The Bund Magazine
(Translation of original article at right)

The DKL LifeGuard is one of the most important pieces of scientific equipment used to search for survivors buried in rubble. Among the many different kinds of life detection equipment, the DKL LifeGuard is the most advanced. It searches for the Ultra Low Frequency electronic field generated by a human heart to detect vital signs. It can penetrate ruins, rubble, steel, cement buildings, bricks, and even water to detect survivors.

This vital sign detection technology matured rapidly after 9-11. After the May 12, 2008, Wenchuang earthquake, the DKL LifeGuard proved to be extremely useful. People called it the “Magic Box of Lifesaving”.

At the earthquake site, rescuers used DKL LifeGuard units to look for lucky survivors in the rubble. The DKL LifeGuard could detect the vital signs of the survivors, even when they could not be seen or heard by rescuers, and in an open space, the DKL LifeGuard can detect vital signs at ranges greater than 500 meters.

The DKL LifeGuard, together with remote sensing aircraft, search and rescue dogs, and highly efficient clean-up compression tools, were called the four weapons of the rescue effort. Using the four tools together, rescuers found survivors under the rubble for up to 200 hours after the earthquake.

Right after the earthquakes occurred, the surface conditions were unusually complicated and dangerous. The radar imagery from the remote sensing aircraft was the most helpful in assessing the situation on the ground. Once the situation was stable and the clean up could begin, saving human life became the most urgent task, and the DKL LifeGuard became the most important rescue tool. It could sense vital signs without direct contact with human body.

In the Wenchuang earthquake, four different kinds of life detectors were used at the same time: optical, infrared, sonic, and the DKL LifeGuard.

The DKL LifeGuard proved to be the most advanced. It senses the ultra low frequency vital signs generated by the heart, and compared to the other three, the DKL LifeGuard is light and easy to handle. It weighs about only one kilogram, can be hand-held, and is easy to control and durable. It can be connected to a computer, or it can be used independently. The other kinds of life detectors all have to be connected to corresponding peripherals, such as a computer for data analysis or an electronic screen. The DKL LifeGuard is the best in locating vital signs and the most accurate way to locate the of source the vital signals. It responds to the ultra low electric frequency directly and points to the source of the field.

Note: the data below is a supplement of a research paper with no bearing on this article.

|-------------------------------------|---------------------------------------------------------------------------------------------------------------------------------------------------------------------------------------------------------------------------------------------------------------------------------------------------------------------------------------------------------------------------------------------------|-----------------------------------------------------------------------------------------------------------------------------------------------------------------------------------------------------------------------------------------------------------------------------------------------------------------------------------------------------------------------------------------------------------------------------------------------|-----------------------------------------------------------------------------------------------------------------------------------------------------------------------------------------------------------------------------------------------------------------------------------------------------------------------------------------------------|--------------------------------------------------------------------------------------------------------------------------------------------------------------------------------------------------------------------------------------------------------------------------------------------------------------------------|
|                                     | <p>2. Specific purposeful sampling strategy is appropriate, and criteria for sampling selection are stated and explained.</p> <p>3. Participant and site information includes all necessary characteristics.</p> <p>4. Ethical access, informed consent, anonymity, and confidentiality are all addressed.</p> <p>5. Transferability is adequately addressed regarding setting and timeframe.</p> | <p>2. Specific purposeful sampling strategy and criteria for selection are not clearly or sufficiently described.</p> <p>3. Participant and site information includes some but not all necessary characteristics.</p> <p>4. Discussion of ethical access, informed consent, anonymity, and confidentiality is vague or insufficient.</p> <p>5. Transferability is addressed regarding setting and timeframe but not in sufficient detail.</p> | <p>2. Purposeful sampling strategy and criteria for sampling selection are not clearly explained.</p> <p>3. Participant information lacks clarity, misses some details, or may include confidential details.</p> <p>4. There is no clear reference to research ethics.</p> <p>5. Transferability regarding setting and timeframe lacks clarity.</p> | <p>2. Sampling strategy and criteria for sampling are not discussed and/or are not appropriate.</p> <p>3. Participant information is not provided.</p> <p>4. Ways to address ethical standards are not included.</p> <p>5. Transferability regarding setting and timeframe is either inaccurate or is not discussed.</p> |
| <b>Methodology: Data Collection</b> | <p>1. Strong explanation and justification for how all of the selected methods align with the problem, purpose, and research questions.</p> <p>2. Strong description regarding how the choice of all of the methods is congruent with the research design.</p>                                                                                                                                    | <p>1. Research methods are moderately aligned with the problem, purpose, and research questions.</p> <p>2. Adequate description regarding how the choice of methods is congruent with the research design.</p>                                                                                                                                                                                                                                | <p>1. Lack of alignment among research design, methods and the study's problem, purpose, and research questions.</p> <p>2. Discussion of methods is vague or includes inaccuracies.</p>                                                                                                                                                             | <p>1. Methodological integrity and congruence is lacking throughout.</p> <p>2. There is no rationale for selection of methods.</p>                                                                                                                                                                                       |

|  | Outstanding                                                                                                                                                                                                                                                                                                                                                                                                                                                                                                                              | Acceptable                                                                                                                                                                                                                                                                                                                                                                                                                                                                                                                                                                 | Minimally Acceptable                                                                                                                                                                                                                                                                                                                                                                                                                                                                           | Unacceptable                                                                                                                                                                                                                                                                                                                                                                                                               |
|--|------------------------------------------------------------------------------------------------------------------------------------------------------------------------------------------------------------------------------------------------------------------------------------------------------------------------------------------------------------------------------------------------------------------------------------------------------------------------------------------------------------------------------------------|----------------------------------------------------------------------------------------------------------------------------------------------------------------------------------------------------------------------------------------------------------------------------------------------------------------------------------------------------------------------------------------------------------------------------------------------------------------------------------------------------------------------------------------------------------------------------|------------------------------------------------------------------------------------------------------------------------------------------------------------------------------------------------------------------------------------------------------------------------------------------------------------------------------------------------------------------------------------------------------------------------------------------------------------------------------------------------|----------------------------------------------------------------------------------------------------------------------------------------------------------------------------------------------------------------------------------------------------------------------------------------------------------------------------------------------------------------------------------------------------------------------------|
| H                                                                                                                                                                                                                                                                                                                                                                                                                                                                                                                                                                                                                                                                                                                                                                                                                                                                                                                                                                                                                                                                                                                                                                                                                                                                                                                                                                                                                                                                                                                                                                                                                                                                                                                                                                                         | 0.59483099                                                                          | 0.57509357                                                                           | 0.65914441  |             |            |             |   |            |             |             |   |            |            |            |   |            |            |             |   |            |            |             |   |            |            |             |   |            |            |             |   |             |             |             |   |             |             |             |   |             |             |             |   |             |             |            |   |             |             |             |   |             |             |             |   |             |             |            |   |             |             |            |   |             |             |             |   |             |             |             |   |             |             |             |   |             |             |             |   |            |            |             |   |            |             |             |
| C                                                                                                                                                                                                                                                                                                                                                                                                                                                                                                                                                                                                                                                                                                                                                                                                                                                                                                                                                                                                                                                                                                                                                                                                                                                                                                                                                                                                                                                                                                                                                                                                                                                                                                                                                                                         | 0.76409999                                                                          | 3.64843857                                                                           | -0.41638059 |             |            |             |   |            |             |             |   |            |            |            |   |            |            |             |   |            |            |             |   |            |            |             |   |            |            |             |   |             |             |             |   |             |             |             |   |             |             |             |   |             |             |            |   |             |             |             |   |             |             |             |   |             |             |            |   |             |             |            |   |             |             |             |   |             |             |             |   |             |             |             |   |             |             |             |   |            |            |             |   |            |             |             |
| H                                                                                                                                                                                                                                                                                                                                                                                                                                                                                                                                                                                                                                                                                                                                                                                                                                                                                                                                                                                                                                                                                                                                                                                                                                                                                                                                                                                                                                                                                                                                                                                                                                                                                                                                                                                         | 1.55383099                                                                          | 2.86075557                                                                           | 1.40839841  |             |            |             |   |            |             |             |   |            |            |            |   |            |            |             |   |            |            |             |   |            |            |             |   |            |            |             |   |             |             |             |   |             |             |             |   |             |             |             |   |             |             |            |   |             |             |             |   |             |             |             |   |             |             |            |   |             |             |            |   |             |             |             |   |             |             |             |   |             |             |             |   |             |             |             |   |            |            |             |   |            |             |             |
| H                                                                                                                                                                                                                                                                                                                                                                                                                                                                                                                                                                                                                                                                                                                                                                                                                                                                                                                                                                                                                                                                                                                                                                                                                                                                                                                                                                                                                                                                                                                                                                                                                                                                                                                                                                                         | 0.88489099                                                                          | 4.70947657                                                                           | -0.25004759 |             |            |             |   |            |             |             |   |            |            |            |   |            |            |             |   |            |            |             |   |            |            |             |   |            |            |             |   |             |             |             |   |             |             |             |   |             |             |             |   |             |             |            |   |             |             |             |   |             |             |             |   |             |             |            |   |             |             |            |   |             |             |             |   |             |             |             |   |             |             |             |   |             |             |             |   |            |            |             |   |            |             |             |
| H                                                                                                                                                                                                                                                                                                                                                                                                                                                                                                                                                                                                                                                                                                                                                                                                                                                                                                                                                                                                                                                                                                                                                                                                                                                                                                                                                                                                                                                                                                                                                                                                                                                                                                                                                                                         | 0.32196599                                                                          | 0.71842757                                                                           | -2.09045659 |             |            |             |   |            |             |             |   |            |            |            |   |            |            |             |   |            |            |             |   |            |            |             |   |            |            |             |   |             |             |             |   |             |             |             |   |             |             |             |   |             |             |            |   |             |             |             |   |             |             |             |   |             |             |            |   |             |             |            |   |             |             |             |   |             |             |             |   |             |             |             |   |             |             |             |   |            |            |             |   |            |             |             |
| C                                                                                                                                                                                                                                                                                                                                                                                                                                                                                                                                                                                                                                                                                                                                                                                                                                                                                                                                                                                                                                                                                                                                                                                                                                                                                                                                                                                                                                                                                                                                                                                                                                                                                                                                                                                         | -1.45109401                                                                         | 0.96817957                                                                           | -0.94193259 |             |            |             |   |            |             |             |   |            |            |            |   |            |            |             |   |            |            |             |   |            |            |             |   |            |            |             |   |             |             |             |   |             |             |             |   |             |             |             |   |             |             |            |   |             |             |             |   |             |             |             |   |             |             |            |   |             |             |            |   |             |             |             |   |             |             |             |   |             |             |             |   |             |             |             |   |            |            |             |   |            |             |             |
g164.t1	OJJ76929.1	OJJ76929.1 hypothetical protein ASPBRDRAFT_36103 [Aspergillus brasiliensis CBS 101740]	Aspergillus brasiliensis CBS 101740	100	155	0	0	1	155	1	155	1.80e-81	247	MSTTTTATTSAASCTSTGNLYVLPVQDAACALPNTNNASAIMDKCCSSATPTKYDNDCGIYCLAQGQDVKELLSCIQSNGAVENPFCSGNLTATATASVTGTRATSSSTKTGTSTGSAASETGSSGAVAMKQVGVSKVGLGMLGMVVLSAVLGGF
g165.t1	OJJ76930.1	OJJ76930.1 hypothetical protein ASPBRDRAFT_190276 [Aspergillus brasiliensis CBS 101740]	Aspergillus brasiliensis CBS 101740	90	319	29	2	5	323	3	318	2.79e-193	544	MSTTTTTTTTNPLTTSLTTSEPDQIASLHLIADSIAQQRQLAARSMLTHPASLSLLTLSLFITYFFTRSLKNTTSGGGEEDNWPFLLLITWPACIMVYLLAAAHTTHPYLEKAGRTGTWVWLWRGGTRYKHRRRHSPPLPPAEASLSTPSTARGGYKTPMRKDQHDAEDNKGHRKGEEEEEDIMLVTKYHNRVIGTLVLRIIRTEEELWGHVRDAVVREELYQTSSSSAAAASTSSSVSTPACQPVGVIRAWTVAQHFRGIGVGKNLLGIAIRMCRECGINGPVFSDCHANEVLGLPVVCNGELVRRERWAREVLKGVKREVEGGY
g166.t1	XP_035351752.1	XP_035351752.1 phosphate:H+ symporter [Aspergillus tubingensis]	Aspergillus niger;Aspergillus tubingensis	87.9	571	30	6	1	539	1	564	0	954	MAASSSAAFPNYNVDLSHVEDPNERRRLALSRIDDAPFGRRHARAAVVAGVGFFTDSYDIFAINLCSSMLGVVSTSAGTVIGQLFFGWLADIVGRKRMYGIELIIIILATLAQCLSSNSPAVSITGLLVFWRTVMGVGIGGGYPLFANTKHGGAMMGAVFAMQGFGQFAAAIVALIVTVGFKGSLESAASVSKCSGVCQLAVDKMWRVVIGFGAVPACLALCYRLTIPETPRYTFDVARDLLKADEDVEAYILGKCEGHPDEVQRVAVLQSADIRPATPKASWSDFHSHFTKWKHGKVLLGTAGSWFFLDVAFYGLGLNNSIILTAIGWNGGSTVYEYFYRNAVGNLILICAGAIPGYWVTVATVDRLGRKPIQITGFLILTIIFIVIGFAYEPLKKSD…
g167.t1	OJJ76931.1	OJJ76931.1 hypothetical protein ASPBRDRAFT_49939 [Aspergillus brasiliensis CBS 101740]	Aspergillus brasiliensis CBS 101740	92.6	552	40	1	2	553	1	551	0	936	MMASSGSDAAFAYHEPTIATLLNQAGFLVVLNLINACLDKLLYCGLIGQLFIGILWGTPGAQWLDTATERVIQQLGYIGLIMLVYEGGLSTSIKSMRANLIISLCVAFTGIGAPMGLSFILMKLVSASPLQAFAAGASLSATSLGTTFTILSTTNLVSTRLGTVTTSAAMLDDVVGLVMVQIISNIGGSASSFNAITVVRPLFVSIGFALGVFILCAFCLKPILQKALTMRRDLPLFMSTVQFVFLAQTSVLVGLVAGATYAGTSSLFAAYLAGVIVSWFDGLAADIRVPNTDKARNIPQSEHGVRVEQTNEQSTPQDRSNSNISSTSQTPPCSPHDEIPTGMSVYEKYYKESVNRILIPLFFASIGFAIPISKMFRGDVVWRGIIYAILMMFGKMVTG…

DKL uses the characters of dielectric material to detect an electric field. According to the research department of DKL, the beating heart generates a non-uniform, Ultra Low Frequency electric field for 360 degrees around the human body. The heart is the center of this electric field.

 The most advanced part of the DKL LifeGuard is its electrical filtering, which enables it to detect only the human heart’s unique electric field. It detects only electrical fields that are at or below 30 Hz, the low frequency that is characteristic of human bodies, the human electric field polarizes the special dielectric material of the DKL LifeGuard, and the LifeGuard points to the strongest part of the non-uniform electric field, which is the heart. This technology enables the DKL LifeGuard to accurately identify humans who are still alive during a rescue, without distracting information from other animals.
DKL International successfully developed the LifeGuard detector during the last century.  The development of DKL rescue equipment matured rapidly after 9-11, and DKL now utilizes the most advanced technology in biochemistry, dielectrics, ultra low frequency and DNA to improve its functions.

The company not only does research in the area of detecting and locating vital signals, but also does research on the human electric field. This research allows the DKL LifeGuard to respond to the human electric field quickly and directly, and this has helped response teams to become more efficient during the later stages of search and rescue.

The end result of all this development is the DKL LifeGuard.  It is in use in the security business, and in Japan.

Courtesy of The Bund magazine


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